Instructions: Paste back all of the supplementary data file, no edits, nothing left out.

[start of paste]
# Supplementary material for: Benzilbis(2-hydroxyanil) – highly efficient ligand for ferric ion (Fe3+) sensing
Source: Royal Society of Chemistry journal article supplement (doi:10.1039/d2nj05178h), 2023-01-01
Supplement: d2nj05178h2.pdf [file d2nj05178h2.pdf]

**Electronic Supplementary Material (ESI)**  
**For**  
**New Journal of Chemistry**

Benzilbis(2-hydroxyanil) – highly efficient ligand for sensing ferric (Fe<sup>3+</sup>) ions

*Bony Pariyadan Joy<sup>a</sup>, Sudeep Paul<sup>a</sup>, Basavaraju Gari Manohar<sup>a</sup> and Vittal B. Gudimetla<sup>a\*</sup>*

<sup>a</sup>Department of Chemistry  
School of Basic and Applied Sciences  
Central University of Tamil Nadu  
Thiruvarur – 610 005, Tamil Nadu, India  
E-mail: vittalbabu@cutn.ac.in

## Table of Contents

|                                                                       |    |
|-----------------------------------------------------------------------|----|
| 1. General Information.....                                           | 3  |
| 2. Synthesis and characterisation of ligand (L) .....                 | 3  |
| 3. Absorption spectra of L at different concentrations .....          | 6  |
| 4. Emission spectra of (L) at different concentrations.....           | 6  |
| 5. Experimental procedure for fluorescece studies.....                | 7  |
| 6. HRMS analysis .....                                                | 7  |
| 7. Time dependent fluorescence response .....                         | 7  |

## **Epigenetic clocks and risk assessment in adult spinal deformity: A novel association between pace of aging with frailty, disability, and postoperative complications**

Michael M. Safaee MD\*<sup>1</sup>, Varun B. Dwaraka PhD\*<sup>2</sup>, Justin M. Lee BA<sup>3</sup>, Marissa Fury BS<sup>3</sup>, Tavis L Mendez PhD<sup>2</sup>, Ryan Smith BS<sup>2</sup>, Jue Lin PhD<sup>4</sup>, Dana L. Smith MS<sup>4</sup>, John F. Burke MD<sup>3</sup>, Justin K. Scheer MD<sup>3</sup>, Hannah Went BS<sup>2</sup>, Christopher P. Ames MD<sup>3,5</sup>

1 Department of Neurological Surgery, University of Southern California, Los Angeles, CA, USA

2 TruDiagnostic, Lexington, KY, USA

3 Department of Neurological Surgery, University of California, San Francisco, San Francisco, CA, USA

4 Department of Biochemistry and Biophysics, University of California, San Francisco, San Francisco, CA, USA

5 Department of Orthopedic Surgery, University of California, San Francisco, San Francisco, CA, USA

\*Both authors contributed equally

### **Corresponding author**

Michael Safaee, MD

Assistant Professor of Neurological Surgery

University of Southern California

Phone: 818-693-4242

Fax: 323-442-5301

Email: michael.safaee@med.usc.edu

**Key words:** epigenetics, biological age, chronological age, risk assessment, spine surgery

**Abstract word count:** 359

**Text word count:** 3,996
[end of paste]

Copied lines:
# Supplementary material for: Benzilbis(2-hydroxyanil) – highly efficient ligand for ferric ion (Fe3+) sensing
Source: Royal Society of Chemistry journal article supplement (doi:10.1039/d2nj05178h), 2023-01-01
Supplement: d2nj05178h2.pdf [file d2nj05178h2.pdf]

**Electronic Supplementary Material (ESI)**  
**For**  
**New Journal of Chemistry**

Benzilbis(2-hydroxyanil) – highly efficient ligand for sensing ferric (Fe<sup>3+</sup>) ions

*Bony Pariyadan Joy<sup>a</sup>, Sudeep Paul<sup>a</sup>, Basavaraju Gari Manohar<sup>a</sup> and Vittal B. Gudimetla<sup>a\*</sup>*

<sup>a</sup>Department of Chemistry  
School of Basic and Applied Sciences  
Central University of Tamil Nadu  
Thiruvarur – 610 005, Tamil Nadu, India  
E-mail: vittalbabu@cutn.ac.in

## Table of Contents

|                                                                       |    |
|-----------------------------------------------------------------------|----|
| 1. General Information.....                                           | 3  |
| 2. Synthesis and characterisation of ligand (L) .....                 | 3  |
| 3. Absorption spectra of L at different concentrations .....          | 6  |
| 4. Emission spectra of (L) at different concentrations.....           | 6  |
| 5. Experimental procedure for fluorescece studies.....                | 7  |
| 6. HRMS analysis .....                                                | 7  |
| 7. Time dependent fluorescence response .....                         | 7  |

## **Epigenetic clocks and risk assessment in adult spinal deformity: A novel association between pace of aging with frailty, disability, and postoperative complications**

Michael M. Safaee MD\*<sup>1</sup>, Varun B. Dwaraka PhD\*<sup>2</sup>, Justin M. Lee BA<sup>3</sup>, Marissa Fury BS<sup>3</sup>, Tavis L Mendez PhD<sup>2</sup>, Ryan Smith BS<sup>2</sup>, Jue Lin PhD<sup>4</sup>, Dana L. Smith MS<sup>4</sup>, John F. Burke MD<sup>3</sup>, Justin K. Scheer MD<sup>3</sup>, Hannah Went BS<sup>2</sup>, Christopher P. Ames MD<sup>3,5</sup>

1 Department of Neurological Surgery, University of Southern California, Los Angeles, CA, USA

2 TruDiagnostic, Lexington, KY, USA

3 Department of Neurological Surgery, University of California, San Francisco, San Francisco, CA, USA

4 Department of Biochemistry and Biophysics, University of California, San Francisco, San Francisco, CA, USA

5 Department of Orthopedic Surgery, University of California, San Francisco, San Francisco, CA, USA

\*Both authors contributed equally

### **Corresponding author**

Michael Safaee, MD

Assistant Professor of Neurological Surgery

University of Southern California

Phone: 818-693-4242

Fax: 323-442-5301

Email: michael.safaee@med.usc.edu

**Key words:** epigenetics, biological age, chronological age, risk assessment, spine surgery

**Abstract word count:** 359

**Text word count:** 3,996